President Donald Trump has said the US would soon be imposing visa restrictions on more countries.
Seven additional nations were listed in a draft of the proposed restrictions – but the countries were notified by Homeland Security officials that they could avoid being included if they make changes before the announcement is made.
The tentative list featured Belarus, Eritrea, Kyrgyzstan, Burma, Nigeria, Sudan and Tanzania.
But several countries are believed to have taken action or demonstrated good faith efforts to comply in order to avoid inclusion, officials said.
The steps include better border security, better sharing of identification information among nations and better travel document security. It is not clear how many nations will be on the final list.
Mr Trump told reporters at the World Economic Forum in Davos, Switzerland, that he is doing it to protect the United States.
He said: “We’re adding a couple of countries to it. We have to be safe. Our country has to be safe. You see what’s going on in the world. Our country has to be safe. So we have a very strong travel ban and we’ll be adding a few countries to it.”
Five of the countries on the draft list have either Muslim majorities or substantial Muslim minorities.
The current ban suspends immigrant and non-immigrant visas to applicants from five majority-Muslim nations: Iran, Libya, Somalia, Syria and Yemen, as well as Venezuela and North Korea.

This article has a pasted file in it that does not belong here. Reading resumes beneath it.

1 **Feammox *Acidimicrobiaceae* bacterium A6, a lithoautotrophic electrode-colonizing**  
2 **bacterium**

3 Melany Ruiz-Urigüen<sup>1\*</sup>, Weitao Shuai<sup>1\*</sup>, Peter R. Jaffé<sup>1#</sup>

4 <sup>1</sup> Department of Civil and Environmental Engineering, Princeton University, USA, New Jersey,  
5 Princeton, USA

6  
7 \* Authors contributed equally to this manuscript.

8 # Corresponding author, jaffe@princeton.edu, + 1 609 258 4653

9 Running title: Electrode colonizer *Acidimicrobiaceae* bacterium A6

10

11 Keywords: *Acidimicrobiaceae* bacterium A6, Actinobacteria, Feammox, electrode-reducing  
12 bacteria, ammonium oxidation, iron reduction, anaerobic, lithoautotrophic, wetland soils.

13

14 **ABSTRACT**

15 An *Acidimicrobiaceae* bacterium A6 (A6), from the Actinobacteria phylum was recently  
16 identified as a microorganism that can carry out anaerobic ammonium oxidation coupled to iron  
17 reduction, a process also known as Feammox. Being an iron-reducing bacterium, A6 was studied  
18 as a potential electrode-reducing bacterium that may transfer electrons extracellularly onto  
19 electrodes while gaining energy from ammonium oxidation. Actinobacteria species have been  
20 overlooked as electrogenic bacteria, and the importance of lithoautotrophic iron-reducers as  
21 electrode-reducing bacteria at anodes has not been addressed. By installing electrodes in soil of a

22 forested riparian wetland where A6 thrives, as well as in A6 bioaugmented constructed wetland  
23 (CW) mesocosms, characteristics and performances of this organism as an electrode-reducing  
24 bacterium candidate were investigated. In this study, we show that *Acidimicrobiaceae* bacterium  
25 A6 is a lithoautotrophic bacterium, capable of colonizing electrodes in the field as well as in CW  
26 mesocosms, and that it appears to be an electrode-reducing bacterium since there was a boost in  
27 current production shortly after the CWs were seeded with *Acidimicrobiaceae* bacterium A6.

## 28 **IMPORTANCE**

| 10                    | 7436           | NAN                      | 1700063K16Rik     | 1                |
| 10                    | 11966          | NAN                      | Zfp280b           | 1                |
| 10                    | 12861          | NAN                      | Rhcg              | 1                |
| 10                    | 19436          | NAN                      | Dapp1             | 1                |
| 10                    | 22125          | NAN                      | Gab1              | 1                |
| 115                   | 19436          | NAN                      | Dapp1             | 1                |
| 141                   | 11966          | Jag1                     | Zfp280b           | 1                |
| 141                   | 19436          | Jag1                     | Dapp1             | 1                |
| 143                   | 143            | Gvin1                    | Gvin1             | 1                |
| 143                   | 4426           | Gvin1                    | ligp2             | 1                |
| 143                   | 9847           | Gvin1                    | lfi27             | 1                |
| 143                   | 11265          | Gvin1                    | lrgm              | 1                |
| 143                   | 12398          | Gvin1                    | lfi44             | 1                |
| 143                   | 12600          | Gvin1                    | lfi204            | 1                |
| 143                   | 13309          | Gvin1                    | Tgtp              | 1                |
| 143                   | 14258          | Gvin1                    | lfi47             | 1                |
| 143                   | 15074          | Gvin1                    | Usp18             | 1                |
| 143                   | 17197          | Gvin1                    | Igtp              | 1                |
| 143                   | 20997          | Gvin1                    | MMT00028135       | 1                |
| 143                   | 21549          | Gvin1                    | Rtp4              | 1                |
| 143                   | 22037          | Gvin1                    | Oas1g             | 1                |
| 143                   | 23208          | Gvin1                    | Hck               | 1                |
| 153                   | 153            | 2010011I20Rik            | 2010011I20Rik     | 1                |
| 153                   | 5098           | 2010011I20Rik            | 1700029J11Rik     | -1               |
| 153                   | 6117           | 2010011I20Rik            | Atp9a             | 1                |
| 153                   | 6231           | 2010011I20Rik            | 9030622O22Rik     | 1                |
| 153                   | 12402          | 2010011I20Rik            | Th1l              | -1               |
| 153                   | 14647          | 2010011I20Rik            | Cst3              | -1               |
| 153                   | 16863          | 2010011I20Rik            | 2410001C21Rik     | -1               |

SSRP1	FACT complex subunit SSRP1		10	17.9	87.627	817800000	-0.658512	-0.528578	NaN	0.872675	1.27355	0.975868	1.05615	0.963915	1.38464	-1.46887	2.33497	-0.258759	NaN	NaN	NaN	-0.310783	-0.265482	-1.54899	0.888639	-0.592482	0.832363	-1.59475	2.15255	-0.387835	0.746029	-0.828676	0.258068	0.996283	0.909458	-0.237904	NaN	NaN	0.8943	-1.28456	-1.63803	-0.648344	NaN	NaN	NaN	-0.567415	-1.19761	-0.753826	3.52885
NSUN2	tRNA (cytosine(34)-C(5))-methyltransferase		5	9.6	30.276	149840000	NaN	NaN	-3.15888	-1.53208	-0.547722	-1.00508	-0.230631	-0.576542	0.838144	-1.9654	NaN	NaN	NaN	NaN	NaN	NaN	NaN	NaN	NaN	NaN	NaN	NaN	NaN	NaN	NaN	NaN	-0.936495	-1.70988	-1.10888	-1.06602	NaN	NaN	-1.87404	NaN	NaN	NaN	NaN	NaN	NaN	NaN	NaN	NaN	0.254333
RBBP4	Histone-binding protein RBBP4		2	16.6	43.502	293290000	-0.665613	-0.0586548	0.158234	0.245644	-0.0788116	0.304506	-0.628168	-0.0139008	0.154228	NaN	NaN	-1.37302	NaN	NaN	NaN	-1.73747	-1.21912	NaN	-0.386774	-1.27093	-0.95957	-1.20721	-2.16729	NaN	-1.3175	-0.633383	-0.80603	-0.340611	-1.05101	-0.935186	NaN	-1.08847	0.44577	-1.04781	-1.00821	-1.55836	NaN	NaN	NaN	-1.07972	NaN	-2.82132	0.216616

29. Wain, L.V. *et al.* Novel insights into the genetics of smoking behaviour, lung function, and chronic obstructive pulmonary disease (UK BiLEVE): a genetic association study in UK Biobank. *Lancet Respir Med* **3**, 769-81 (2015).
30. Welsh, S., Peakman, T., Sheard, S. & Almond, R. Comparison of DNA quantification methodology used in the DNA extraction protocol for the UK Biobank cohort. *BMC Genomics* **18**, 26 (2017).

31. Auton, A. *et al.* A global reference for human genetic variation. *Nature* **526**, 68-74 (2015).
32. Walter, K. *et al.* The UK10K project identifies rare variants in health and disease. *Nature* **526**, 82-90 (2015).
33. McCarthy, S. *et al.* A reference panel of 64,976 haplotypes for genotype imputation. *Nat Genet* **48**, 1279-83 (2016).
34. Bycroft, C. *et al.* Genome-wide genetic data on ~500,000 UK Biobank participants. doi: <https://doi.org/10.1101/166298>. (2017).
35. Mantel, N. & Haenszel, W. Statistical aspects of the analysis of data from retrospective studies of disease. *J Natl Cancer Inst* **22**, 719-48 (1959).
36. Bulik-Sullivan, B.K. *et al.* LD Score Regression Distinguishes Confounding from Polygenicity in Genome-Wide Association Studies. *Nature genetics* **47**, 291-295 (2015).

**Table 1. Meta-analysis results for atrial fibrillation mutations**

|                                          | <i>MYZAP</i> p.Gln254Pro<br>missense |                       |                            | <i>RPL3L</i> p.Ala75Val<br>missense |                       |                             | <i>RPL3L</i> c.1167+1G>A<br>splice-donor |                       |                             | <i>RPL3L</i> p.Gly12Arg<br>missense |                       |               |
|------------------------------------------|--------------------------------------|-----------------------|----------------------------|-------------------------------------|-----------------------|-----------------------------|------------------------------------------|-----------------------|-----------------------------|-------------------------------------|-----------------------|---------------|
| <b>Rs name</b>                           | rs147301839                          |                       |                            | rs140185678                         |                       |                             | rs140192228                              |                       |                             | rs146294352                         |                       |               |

But it allows exceptions, including for students and those who have established “significant contacts” in the US. And it represents a significant softening from Mr Trump’s initial order, which had suspended travel from Iraq, Iran, Libya, Somalia, Sudan and Yemen for 90 days, blocked refugee admissions for 120 days and suspended travel from Syria.
That order was immediately blocked by the courts, prompting a months-long effort by the administration to develop clear standards and federal review processes.
Under the current system, restrictions are targeted at countries that Homeland Security says fail to share sufficient information with the US or have not taken necessary security precautions, such as issuing electronic passports with biometric information and sharing information about travellers’ terror-related and criminal histories.
Iraq, Sudan and Chad had been affected by the original order, which the Supreme Court upheld in a 5-4 vote after the administration released a watered-down version intended to withstand legal scrutiny. They were not part of the pared-down version.
During his 2016 campaign, Mr Trump had floated the idea of a ban to keep all Muslims from entering the country and he criticised his Justice Department for the subsequent changes.